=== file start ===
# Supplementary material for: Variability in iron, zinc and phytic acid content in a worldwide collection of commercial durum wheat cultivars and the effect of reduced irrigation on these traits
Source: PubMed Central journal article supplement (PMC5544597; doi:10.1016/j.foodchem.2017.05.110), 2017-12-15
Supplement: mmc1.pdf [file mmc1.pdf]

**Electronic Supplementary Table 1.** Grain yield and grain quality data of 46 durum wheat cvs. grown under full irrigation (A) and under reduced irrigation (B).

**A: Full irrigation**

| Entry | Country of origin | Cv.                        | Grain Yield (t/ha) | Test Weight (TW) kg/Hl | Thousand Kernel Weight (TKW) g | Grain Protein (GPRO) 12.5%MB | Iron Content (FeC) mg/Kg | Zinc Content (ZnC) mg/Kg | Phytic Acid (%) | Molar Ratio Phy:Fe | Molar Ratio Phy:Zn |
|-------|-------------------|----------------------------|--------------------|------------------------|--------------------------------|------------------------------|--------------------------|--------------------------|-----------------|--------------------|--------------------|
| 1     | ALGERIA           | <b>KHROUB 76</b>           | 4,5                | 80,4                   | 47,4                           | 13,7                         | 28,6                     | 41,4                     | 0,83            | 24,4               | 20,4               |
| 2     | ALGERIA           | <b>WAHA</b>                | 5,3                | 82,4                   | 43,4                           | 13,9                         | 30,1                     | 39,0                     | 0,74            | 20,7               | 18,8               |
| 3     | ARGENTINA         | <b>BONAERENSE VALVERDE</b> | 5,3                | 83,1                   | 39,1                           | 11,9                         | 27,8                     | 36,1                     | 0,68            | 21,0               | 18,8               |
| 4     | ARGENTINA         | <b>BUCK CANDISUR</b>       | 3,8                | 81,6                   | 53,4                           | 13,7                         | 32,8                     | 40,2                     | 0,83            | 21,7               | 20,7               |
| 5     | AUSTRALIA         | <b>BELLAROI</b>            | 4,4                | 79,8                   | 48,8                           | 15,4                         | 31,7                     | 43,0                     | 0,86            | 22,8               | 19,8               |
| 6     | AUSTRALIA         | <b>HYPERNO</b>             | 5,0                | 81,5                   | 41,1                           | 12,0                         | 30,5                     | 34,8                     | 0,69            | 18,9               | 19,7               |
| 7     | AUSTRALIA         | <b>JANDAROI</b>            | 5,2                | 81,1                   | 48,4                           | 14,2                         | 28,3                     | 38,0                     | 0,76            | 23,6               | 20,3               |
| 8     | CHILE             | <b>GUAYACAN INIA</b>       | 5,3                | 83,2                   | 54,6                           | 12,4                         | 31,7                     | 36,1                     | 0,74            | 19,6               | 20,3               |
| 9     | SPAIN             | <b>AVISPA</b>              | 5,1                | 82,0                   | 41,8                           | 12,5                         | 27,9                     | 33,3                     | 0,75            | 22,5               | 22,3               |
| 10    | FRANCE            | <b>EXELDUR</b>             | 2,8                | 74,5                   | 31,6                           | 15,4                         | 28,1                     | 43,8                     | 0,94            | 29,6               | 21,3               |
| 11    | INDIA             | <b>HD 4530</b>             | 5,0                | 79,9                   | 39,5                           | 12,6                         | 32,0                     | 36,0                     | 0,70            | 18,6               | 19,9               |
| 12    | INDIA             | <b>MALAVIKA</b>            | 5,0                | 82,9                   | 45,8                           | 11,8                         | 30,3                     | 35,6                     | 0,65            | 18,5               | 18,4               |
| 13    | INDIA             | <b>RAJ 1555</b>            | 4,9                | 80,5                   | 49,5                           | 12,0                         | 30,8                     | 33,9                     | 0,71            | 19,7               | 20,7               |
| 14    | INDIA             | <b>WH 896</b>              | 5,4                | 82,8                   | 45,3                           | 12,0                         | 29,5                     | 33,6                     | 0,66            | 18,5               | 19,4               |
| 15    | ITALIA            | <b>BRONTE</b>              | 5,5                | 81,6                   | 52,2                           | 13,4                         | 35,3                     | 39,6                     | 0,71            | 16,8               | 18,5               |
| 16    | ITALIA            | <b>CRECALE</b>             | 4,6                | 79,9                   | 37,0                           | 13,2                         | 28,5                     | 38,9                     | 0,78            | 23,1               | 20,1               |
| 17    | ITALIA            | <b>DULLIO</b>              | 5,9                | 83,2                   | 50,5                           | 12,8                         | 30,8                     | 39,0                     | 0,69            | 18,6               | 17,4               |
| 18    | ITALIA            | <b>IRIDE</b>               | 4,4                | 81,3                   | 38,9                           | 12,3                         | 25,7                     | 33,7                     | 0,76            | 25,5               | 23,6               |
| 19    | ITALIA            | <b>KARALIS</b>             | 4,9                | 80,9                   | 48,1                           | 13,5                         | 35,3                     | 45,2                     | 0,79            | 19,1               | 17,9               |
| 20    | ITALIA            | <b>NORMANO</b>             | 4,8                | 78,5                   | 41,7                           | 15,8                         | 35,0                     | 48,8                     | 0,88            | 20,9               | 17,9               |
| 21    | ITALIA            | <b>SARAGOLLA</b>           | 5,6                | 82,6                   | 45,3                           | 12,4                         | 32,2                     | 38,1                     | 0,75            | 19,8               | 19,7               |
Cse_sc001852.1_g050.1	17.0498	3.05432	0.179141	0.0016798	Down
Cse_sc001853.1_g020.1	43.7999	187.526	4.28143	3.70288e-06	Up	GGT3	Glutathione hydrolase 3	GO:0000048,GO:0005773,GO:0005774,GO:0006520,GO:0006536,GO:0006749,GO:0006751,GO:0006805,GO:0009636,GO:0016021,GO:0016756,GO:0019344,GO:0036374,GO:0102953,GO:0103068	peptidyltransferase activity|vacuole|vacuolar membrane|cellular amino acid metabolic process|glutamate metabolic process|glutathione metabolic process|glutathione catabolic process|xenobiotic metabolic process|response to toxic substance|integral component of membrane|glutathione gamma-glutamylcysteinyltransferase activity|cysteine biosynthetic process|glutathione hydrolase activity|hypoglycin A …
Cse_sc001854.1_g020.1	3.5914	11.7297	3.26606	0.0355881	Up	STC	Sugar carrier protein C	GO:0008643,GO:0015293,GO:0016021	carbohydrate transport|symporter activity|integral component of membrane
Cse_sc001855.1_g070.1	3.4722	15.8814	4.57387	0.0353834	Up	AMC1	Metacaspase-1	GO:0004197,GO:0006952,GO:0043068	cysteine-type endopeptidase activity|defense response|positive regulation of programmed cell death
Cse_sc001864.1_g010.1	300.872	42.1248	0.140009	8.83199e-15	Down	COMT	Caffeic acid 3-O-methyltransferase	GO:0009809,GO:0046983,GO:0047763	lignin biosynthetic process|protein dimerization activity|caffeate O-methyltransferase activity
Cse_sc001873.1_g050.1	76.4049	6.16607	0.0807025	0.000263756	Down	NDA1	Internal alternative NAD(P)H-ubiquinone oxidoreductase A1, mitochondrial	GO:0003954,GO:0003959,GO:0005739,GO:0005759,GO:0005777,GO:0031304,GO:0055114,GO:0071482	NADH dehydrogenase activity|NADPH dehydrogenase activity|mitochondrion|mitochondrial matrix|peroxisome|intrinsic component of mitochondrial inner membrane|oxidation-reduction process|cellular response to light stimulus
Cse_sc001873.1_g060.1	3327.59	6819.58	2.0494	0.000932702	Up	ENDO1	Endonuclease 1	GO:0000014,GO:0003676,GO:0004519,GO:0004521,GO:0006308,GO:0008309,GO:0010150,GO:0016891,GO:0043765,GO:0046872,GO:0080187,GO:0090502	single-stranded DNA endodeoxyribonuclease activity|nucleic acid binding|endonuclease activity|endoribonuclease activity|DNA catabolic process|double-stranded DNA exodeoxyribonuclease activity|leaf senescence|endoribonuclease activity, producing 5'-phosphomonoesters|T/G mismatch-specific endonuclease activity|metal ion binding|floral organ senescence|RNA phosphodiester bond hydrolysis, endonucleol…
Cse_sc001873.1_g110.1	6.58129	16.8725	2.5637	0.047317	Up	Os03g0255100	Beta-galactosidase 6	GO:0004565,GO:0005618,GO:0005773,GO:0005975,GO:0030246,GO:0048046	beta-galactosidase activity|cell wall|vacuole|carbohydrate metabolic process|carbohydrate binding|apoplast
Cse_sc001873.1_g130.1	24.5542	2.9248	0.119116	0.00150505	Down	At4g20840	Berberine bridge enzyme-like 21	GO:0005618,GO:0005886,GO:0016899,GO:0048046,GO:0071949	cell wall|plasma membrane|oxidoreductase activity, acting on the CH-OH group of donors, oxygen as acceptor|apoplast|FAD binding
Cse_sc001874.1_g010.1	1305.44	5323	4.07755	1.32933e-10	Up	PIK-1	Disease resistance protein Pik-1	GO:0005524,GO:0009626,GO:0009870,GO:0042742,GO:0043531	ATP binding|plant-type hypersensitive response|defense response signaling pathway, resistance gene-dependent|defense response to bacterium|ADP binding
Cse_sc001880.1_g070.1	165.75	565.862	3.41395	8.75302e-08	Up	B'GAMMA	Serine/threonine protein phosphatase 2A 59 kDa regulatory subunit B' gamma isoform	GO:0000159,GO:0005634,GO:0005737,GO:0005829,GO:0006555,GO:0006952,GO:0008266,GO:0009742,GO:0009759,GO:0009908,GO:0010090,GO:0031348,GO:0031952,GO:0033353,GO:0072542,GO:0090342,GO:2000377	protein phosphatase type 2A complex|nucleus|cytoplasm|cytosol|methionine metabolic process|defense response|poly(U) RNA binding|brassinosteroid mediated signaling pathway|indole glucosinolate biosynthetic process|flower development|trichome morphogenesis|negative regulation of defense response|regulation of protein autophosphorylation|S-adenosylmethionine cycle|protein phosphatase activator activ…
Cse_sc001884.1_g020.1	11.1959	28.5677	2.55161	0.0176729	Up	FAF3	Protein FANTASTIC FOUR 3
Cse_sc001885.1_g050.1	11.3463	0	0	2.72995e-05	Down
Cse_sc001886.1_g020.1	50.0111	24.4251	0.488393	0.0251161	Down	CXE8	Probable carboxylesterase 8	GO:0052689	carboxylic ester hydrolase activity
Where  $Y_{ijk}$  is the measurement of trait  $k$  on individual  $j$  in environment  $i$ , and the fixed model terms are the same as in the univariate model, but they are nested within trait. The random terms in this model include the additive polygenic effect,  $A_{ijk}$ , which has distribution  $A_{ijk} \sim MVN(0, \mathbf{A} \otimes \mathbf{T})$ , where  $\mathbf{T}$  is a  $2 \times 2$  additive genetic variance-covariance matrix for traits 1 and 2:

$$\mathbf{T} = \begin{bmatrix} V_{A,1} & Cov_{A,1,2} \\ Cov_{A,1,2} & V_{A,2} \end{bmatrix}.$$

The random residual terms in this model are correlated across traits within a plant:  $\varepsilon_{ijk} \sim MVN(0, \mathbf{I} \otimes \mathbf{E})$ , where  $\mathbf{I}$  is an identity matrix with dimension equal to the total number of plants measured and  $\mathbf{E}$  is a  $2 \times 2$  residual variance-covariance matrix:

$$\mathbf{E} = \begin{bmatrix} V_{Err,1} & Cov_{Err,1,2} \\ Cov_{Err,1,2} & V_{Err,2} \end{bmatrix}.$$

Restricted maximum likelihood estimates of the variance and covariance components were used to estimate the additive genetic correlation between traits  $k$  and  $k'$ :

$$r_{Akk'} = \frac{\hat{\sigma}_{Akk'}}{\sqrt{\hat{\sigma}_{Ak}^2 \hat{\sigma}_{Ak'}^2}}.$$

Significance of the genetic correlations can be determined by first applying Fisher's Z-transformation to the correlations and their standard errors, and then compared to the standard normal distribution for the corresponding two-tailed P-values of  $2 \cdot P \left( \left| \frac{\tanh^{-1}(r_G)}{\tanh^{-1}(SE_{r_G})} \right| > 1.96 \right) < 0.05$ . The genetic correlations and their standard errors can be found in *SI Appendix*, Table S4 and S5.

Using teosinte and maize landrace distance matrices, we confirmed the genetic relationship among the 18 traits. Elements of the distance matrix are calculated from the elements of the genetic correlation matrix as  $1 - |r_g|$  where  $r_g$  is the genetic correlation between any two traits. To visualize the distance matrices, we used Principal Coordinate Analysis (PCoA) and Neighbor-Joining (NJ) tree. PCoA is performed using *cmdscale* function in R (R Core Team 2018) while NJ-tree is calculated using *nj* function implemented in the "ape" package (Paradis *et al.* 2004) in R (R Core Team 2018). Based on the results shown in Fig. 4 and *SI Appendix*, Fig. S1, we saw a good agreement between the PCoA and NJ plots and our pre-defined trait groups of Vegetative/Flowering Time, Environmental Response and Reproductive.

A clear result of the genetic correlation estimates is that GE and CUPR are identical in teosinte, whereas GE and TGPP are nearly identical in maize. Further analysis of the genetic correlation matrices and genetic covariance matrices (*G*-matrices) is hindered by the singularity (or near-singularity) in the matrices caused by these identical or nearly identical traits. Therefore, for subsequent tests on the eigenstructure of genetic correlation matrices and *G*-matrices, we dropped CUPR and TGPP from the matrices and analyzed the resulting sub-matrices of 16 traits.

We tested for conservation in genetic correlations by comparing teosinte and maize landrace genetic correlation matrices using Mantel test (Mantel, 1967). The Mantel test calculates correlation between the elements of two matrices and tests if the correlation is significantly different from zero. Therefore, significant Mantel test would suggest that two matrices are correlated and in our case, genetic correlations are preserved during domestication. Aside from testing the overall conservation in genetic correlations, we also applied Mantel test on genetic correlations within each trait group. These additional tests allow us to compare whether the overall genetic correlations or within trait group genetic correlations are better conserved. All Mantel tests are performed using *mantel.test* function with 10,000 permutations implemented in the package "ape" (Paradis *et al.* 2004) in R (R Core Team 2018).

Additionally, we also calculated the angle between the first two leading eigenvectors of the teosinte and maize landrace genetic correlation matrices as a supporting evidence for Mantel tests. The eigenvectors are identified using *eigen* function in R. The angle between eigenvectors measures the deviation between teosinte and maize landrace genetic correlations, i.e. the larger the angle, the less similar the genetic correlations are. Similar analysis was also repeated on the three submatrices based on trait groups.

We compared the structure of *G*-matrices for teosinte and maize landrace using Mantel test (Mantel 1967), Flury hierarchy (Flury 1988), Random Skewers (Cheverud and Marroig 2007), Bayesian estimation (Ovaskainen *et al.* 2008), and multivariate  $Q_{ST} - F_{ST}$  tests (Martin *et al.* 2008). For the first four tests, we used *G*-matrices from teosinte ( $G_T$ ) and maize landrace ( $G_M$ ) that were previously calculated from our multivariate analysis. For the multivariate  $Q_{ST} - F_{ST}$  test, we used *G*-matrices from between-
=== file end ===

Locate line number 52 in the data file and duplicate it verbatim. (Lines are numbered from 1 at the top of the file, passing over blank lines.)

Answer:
We tested for conservation in genetic correlations by comparing teosinte and maize landrace genetic correlation matrices using Mantel test (Mantel, 1967). The Mantel test calculates correlation between the elements of two matrices and tests if the correlation is significantly different from zero. Therefore, significant Mantel test would suggest that two matrices are correlated and in our case, genetic correlations are preserved during domestication. Aside from testing the overall conservation in genetic correlations, we also applied Mantel test on genetic correlations within each trait group. These additional tests allow us to compare whether the overall genetic correlations or within trait group genetic correlations are better conserved. All Mantel tests are performed using *mantel.test* function with 10,000 permutations implemented in the package "ape" (Paradis *et al.* 2004) in R (R Core Team 2018).